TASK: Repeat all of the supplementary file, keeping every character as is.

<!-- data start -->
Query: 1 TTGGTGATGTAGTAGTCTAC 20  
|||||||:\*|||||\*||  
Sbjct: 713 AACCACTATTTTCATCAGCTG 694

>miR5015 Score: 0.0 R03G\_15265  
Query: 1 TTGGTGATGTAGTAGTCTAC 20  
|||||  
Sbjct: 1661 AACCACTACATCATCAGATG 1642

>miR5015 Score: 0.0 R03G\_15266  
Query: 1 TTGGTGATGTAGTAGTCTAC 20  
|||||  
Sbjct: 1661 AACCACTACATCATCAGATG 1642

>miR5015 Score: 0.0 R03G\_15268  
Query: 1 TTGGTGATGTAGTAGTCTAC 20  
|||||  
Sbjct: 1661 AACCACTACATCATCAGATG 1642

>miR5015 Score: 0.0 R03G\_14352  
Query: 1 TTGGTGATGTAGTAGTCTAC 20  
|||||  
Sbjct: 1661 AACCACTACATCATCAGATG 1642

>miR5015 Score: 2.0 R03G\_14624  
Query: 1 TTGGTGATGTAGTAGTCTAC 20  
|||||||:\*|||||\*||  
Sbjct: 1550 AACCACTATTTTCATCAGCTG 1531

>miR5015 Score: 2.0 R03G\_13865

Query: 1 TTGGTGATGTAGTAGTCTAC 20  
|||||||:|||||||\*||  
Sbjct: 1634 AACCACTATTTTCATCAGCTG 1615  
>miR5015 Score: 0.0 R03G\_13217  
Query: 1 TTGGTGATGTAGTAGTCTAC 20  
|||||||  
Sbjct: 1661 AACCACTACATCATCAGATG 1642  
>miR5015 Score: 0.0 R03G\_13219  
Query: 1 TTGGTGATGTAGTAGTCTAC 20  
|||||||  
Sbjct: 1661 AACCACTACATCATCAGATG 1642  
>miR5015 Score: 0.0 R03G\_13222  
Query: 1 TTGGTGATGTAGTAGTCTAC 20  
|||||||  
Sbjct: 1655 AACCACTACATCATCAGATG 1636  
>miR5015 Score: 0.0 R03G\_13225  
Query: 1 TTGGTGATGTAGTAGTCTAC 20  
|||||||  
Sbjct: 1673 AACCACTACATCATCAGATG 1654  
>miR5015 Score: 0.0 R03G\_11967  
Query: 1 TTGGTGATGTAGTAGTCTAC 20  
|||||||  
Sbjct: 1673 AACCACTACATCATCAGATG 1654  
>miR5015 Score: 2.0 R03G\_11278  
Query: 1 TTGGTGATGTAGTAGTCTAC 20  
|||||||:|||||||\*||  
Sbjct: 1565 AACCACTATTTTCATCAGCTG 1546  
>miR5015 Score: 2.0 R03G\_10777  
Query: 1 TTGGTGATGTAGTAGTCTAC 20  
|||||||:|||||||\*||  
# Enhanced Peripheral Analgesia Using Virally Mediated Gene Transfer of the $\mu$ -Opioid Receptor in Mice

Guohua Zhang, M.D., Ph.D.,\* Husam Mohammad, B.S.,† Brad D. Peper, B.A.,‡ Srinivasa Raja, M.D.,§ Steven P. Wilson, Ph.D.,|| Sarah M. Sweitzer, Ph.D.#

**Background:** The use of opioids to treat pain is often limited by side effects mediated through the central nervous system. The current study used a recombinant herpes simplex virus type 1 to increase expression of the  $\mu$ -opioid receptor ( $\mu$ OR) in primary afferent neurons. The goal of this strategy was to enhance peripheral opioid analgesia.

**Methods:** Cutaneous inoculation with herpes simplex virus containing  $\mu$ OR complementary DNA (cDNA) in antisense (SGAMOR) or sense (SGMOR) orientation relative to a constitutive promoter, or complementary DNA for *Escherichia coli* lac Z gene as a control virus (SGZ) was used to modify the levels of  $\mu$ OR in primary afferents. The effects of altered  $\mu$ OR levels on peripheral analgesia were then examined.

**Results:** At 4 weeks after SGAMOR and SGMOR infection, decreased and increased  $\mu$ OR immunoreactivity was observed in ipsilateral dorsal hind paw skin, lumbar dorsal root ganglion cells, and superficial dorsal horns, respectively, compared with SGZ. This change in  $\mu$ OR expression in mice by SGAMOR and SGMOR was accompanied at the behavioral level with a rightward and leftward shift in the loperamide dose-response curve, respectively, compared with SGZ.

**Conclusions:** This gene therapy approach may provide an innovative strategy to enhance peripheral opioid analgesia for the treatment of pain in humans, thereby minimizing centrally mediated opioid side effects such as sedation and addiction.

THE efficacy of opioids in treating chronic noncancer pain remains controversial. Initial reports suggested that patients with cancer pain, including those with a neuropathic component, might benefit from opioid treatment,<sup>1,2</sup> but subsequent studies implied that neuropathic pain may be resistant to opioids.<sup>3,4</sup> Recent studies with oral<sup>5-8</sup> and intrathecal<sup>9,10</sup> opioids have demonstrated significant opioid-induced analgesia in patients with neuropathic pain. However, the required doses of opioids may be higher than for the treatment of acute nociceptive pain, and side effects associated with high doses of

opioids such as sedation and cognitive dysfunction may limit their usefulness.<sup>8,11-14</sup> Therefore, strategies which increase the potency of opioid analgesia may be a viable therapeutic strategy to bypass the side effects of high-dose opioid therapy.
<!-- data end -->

Query: 1 TTGGTGATGTAGTAGTCTAC 20  
|||||||:\*|||||\*||  
Sbjct: 713 AACCACTATTTTCATCAGCTG 694

>miR5015 Score: 0.0 R03G\_15265  
Query: 1 TTGGTGATGTAGTAGTCTAC 20  
|||||  
Sbjct: 1661 AACCACTACATCATCAGATG 1642

>miR5015 Score: 0.0 R03G\_15266  
Query: 1 TTGGTGATGTAGTAGTCTAC 20  
|||||  
Sbjct: 1661 AACCACTACATCATCAGATG 1642

>miR5015 Score: 0.0 R03G\_15268  
Query: 1 TTGGTGATGTAGTAGTCTAC 20  
|||||  
Sbjct: 1661 AACCACTACATCATCAGATG 1642

>miR5015 Score: 0.0 R03G\_14352  
Query: 1 TTGGTGATGTAGTAGTCTAC 20  
|||||  
Sbjct: 1661 AACCACTACATCATCAGATG 1642

>miR5015 Score: 2.0 R03G\_14624  
Query: 1 TTGGTGATGTAGTAGTCTAC 20  
|||||||:\*|||||\*||  
Sbjct: 1550 AACCACTATTTTCATCAGCTG 1531

>miR5015 Score: 2.0 R03G\_13865

Query: 1 TTGGTGATGTAGTAGTCTAC 20  
|||||||:|||||||\*||  
Sbjct: 1634 AACCACTATTTTCATCAGCTG 1615  
>miR5015 Score: 0.0 R03G\_13217  
Query: 1 TTGGTGATGTAGTAGTCTAC 20  
|||||||  
Sbjct: 1661 AACCACTACATCATCAGATG 1642  
>miR5015 Score: 0.0 R03G\_13219  
Query: 1 TTGGTGATGTAGTAGTCTAC 20  
|||||||  
Sbjct: 1661 AACCACTACATCATCAGATG 1642  
>miR5015 Score: 0.0 R03G\_13222  
Query: 1 TTGGTGATGTAGTAGTCTAC 20  
|||||||  
Sbjct: 1655 AACCACTACATCATCAGATG 1636  
>miR5015 Score: 0.0 R03G\_13225  
Query: 1 TTGGTGATGTAGTAGTCTAC 20  
|||||||  
Sbjct: 1673 AACCACTACATCATCAGATG 1654  
>miR5015 Score: 0.0 R03G\_11967  
Query: 1 TTGGTGATGTAGTAGTCTAC 20  
|||||||  
Sbjct: 1673 AACCACTACATCATCAGATG 1654  
>miR5015 Score: 2.0 R03G\_11278  
Query: 1 TTGGTGATGTAGTAGTCTAC 20  
|||||||:|||||||\*||  
Sbjct: 1565 AACCACTATTTTCATCAGCTG 1546  
>miR5015 Score: 2.0 R03G\_10777  
Query: 1 TTGGTGATGTAGTAGTCTAC 20  
|||||||:|||||||\*||  
# Enhanced Peripheral Analgesia Using Virally Mediated Gene Transfer of the $\mu$ -Opioid Receptor in Mice

Guohua Zhang, M.D., Ph.D.,\* Husam Mohammad, B.S.,† Brad D. Peper, B.A.,‡ Srinivasa Raja, M.D.,§ Steven P. Wilson, Ph.D.,|| Sarah M. Sweitzer, Ph.D.#

**Background:** The use of opioids to treat pain is often limited by side effects mediated through the central nervous system. The current study used a recombinant herpes simplex virus type 1 to increase expression of the  $\mu$ -opioid receptor ( $\mu$ OR) in primary afferent neurons. The goal of this strategy was to enhance peripheral opioid analgesia.

**Methods:** Cutaneous inoculation with herpes simplex virus containing  $\mu$ OR complementary DNA (cDNA) in antisense (SGAMOR) or sense (SGMOR) orientation relative to a constitutive promoter, or complementary DNA for *Escherichia coli* lac Z gene as a control virus (SGZ) was used to modify the levels of  $\mu$ OR in primary afferents. The effects of altered  $\mu$ OR levels on peripheral analgesia were then examined.

**Results:** At 4 weeks after SGAMOR and SGMOR infection, decreased and increased  $\mu$ OR immunoreactivity was observed in ipsilateral dorsal hind paw skin, lumbar dorsal root ganglion cells, and superficial dorsal horns, respectively, compared with SGZ. This change in  $\mu$ OR expression in mice by SGAMOR and SGMOR was accompanied at the behavioral level with a rightward and leftward shift in the loperamide dose-response curve, respectively, compared with SGZ.

**Conclusions:** This gene therapy approach may provide an innovative strategy to enhance peripheral opioid analgesia for the treatment of pain in humans, thereby minimizing centrally mediated opioid side effects such as sedation and addiction.

THE efficacy of opioids in treating chronic noncancer pain remains controversial. Initial reports suggested that patients with cancer pain, including those with a neuropathic component, might benefit from opioid treatment,<sup>1,2</sup> but subsequent studies implied that neuropathic pain may be resistant to opioids.<sup>3,4</sup> Recent studies with oral<sup>5-8</sup> and intrathecal<sup>9,10</sup> opioids have demonstrated significant opioid-induced analgesia in patients with neuropathic pain. However, the required doses of opioids may be higher than for the treatment of acute nociceptive pain, and side effects associated with high doses of

opioids such as sedation and cognitive dysfunction may limit their usefulness.<sup>8,11-14</sup> Therefore, strategies which increase the potency of opioid analgesia may be a viable therapeutic strategy to bypass the side effects of high-dose opioid therapy.